Dear Stupid Rheumatologist,
I can call you “Stupid” right? We’re close like that?
Well Stupid, I’m just going to say it: I hate you.
Today I met with you and I’m not going to lie, my hopes were a bit high.
You see, my stupid pain specialist recently told me to just wait it out until I could get into the Mayo Clinic. And my stupid neurologist did one EMG, got no results, and told me I should seek care elsewhere.
So yeah, Stupid, you were my last stupid hope at my stupid hospital. You were the last stupid specialist who had any sort of link at all to the random pain on my right side that I literally woke up with one day back in February, 2013.
And so, between the high hopes and the opioids, I spent the night before fantasizing about you finding a cure for me. I pictured you confidentially strolling into the office, giving me a fist bump, looking into my eyes and proclaiming, “Eureka! You’re lashes are SO LONG!”
After that, you would wave your stethoscope in the air three times and fix all that ails me.
Alas, that was not meant to be.
Instead, you turned out to be, well, Stupid.
Sure, things started off decently enough. For the first six minutes or so, you really did appear to be listening as I told you the long and winding tale of my pain. And when you asked me to get on the table, I thought for sure you had found all that information about my grandpa’s three heart attacks useful.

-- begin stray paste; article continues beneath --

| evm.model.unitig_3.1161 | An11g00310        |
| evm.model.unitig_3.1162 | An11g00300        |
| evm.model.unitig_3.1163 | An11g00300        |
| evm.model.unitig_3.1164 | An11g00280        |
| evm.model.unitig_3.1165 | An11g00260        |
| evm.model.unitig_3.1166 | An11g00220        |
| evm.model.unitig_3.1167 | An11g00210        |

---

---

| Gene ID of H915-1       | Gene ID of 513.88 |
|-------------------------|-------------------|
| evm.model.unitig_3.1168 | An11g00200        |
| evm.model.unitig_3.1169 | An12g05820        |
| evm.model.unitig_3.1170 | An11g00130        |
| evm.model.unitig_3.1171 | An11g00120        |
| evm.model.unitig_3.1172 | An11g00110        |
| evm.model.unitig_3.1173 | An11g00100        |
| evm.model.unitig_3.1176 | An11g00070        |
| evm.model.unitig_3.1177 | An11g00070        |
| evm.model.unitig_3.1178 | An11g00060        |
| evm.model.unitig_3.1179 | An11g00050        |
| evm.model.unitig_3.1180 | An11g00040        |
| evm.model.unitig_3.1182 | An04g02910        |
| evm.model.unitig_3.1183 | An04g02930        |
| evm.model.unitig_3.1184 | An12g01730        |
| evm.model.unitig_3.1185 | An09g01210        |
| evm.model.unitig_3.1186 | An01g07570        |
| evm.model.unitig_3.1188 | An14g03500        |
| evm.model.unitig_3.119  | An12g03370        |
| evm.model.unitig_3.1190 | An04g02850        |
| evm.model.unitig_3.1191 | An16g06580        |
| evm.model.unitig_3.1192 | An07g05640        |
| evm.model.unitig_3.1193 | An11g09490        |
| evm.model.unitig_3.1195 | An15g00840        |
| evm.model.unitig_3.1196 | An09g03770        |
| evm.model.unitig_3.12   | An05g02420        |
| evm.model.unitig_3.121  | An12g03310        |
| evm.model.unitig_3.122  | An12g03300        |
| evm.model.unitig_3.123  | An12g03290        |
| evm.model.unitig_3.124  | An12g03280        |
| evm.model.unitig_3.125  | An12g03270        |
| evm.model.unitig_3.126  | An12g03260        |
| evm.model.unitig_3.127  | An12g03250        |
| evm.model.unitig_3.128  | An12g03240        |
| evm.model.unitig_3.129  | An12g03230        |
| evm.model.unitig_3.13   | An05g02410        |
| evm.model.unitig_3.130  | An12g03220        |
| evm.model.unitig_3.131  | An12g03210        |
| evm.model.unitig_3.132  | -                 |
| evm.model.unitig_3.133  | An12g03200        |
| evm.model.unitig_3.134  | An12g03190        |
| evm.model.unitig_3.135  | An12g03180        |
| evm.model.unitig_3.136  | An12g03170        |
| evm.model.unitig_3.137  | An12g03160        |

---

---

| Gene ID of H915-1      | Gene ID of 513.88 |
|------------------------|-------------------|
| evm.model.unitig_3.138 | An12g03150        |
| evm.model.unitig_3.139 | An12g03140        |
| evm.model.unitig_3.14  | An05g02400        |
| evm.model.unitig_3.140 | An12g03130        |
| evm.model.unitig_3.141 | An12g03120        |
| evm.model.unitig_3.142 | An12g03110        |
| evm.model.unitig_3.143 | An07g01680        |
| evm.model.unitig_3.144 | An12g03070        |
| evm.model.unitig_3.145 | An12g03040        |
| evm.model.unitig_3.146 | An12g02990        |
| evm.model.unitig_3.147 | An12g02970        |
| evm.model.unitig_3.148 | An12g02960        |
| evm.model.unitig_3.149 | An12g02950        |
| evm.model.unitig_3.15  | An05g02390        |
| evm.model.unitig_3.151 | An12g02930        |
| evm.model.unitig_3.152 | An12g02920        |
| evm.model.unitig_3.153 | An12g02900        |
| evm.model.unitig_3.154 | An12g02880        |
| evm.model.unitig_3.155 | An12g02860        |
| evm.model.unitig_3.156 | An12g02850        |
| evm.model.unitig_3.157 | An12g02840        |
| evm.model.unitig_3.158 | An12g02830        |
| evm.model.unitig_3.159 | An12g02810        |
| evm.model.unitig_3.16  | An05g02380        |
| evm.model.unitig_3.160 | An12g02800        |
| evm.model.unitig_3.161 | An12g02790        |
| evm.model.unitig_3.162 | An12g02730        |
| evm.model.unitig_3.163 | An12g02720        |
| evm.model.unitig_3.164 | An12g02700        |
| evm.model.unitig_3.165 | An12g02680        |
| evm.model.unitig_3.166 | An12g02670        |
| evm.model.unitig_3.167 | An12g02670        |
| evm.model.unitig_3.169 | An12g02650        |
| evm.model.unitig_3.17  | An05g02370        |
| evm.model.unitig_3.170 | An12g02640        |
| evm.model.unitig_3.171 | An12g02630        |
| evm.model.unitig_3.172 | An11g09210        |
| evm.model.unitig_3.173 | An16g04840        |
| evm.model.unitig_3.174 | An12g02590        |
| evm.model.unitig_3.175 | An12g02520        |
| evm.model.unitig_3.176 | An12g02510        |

But no, you didn’t.
Instead, you lightly touched my side, I winced, and then you said, “I didn’t even touch you yet.”
Umm, yes you did, Stupid. Yes you did.
After that, you pretty much gave up — I’m guessing because you can’t truly understand how someone could really be in that much pain.
I can even sort of forgive you for your ignorance, if you had just stopped there.
But you were too stupid to do that. Instead, you looked at me and said, “Yeah, I have no idea whatcha got.” Or something like that.
“That’s just how it is sometimes. In fact, about once a month a patient walks in here who we can’t help,” you told me. “You should just keep working with your primary care doctor to find the right pain meds and just get as comfortable as possible.”
There are so many things wrong with all of that:
- When you tell someone to get “as comfortable as possible” it sort of sounds like they’re about to die. I’m not about die.
- Are you seriously such a horrible doctor that once a month you have a patient who you just give up on? Once a month? Really? That’s a lot of people with rare, incurable diseases.
- You really figured that all out after talking with me for six whole minutes? And you’re so confident about it, that you’re willing to officially diagnosis me as “that’s just how it is sometimes?”
- If you were in horrible pain, would you accept that type of a diagnosis?
- I can tell you the answer to that. The answer is no, you would not accept that type of a diagnosis.
But anyway, there’s more. You’re Stupid, and so stupid stuff just kept flying out of your mouth.
You were all, “Well, in situations like this, the patient can sometimes be their own best advocate. You should Google things and bring them to me or your doctor and if the tests aren’t too invasive, we’ll run them.”